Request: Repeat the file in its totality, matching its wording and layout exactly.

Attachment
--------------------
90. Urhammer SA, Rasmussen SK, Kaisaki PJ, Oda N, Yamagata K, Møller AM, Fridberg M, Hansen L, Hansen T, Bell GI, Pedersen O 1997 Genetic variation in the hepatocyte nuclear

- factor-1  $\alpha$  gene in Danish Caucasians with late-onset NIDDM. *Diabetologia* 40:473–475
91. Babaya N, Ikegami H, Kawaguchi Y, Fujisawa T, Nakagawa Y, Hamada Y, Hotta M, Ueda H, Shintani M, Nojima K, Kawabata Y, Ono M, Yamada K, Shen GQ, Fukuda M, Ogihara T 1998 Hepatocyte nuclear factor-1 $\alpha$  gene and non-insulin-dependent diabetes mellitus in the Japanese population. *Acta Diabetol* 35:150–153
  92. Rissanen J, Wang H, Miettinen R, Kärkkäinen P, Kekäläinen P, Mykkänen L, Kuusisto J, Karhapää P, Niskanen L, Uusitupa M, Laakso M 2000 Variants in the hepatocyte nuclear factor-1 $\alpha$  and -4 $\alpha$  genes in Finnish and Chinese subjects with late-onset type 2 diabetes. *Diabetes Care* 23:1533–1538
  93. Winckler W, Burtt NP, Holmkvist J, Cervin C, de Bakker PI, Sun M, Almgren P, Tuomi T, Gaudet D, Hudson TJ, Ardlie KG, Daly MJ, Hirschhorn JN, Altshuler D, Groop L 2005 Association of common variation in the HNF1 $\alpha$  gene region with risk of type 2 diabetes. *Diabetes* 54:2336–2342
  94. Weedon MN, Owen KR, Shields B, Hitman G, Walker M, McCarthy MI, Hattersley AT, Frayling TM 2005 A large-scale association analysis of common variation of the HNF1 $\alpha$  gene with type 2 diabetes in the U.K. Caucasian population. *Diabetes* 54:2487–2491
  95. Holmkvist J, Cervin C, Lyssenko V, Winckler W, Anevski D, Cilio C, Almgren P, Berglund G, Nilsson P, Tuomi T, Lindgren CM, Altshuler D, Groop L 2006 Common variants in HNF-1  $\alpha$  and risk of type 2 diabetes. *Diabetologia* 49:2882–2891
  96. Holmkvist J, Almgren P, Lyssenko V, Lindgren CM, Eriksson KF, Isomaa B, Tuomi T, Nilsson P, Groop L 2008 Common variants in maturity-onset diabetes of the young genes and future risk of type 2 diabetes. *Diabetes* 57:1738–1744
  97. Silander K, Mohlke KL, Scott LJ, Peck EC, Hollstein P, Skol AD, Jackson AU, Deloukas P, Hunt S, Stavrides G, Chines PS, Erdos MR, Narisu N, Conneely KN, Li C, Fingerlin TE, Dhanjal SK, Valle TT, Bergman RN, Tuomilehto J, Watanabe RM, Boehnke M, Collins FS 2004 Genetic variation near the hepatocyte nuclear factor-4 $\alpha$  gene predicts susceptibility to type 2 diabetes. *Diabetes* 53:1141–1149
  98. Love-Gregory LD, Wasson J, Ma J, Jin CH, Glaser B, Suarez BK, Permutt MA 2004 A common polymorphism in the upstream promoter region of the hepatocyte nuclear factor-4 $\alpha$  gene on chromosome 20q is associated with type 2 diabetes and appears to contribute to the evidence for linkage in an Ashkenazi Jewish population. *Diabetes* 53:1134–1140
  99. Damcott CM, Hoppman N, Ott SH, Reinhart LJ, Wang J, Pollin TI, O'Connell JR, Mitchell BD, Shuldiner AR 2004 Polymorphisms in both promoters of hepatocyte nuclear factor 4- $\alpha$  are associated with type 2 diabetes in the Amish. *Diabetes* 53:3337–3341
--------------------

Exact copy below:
90. Urhammer SA, Rasmussen SK, Kaisaki PJ, Oda N, Yamagata K, Møller AM, Fridberg M, Hansen L, Hansen T, Bell GI, Pedersen O 1997 Genetic variation in the hepatocyte nuclear

- factor-1  $\alpha$  gene in Danish Caucasians with late-onset NIDDM. *Diabetologia* 40:473–475
91. Babaya N, Ikegami H, Kawaguchi Y, Fujisawa T, Nakagawa Y, Hamada Y, Hotta M, Ueda H, Shintani M, Nojima K, Kawabata Y, Ono M, Yamada K, Shen GQ, Fukuda M, Ogihara T 1998 Hepatocyte nuclear factor-1 $\alpha$  gene and non-insulin-dependent diabetes mellitus in the Japanese population. *Acta Diabetol* 35:150–153
  92. Rissanen J, Wang H, Miettinen R, Kärkkäinen P, Kekäläinen P, Mykkänen L, Kuusisto J, Karhapää P, Niskanen L, Uusitupa M, Laakso M 2000 Variants in the hepatocyte nuclear factor-1 $\alpha$  and -4 $\alpha$  genes in Finnish and Chinese subjects with late-onset type 2 diabetes. *Diabetes Care* 23:1533–1538
  93. Winckler W, Burtt NP, Holmkvist J, Cervin C, de Bakker PI, Sun M, Almgren P, Tuomi T, Gaudet D, Hudson TJ, Ardlie KG, Daly MJ, Hirschhorn JN, Altshuler D, Groop L 2005 Association of common variation in the HNF1 $\alpha$  gene region with risk of type 2 diabetes. *Diabetes* 54:2336–2342
  94. Weedon MN, Owen KR, Shields B, Hitman G, Walker M, McCarthy MI, Hattersley AT, Frayling TM 2005 A large-scale association analysis of common variation of the HNF1 $\alpha$  gene with type 2 diabetes in the U.K. Caucasian population. *Diabetes* 54:2487–2491
  95. Holmkvist J, Cervin C, Lyssenko V, Winckler W, Anevski D, Cilio C, Almgren P, Berglund G, Nilsson P, Tuomi T, Lindgren CM, Altshuler D, Groop L 2006 Common variants in HNF-1  $\alpha$  and risk of type 2 diabetes. *Diabetologia* 49:2882–2891
  96. Holmkvist J, Almgren P, Lyssenko V, Lindgren CM, Eriksson KF, Isomaa B, Tuomi T, Nilsson P, Groop L 2008 Common variants in maturity-onset diabetes of the young genes and future risk of type 2 diabetes. *Diabetes* 57:1738–1744
  97. Silander K, Mohlke KL, Scott LJ, Peck EC, Hollstein P, Skol AD, Jackson AU, Deloukas P, Hunt S, Stavrides G, Chines PS, Erdos MR, Narisu N, Conneely KN, Li C, Fingerlin TE, Dhanjal SK, Valle TT, Bergman RN, Tuomilehto J, Watanabe RM, Boehnke M, Collins FS 2004 Genetic variation near the hepatocyte nuclear factor-4 $\alpha$  gene predicts susceptibility to type 2 diabetes. *Diabetes* 53:1141–1149
  98. Love-Gregory LD, Wasson J, Ma J, Jin CH, Glaser B, Suarez BK, Permutt MA 2004 A common polymorphism in the upstream promoter region of the hepatocyte nuclear factor-4 $\alpha$  gene on chromosome 20q is associated with type 2 diabetes and appears to contribute to the evidence for linkage in an Ashkenazi Jewish population. *Diabetes* 53:1134–1140
  99. Damcott CM, Hoppman N, Ott SH, Reinhart LJ, Wang J, Pollin TI, O'Connell JR, Mitchell BD, Shuldiner AR 2004 Polymorphisms in both promoters of hepatocyte nuclear factor 4- $\alpha$  are associated with type 2 diabetes in the Amish. *Diabetes* 53:3337–3341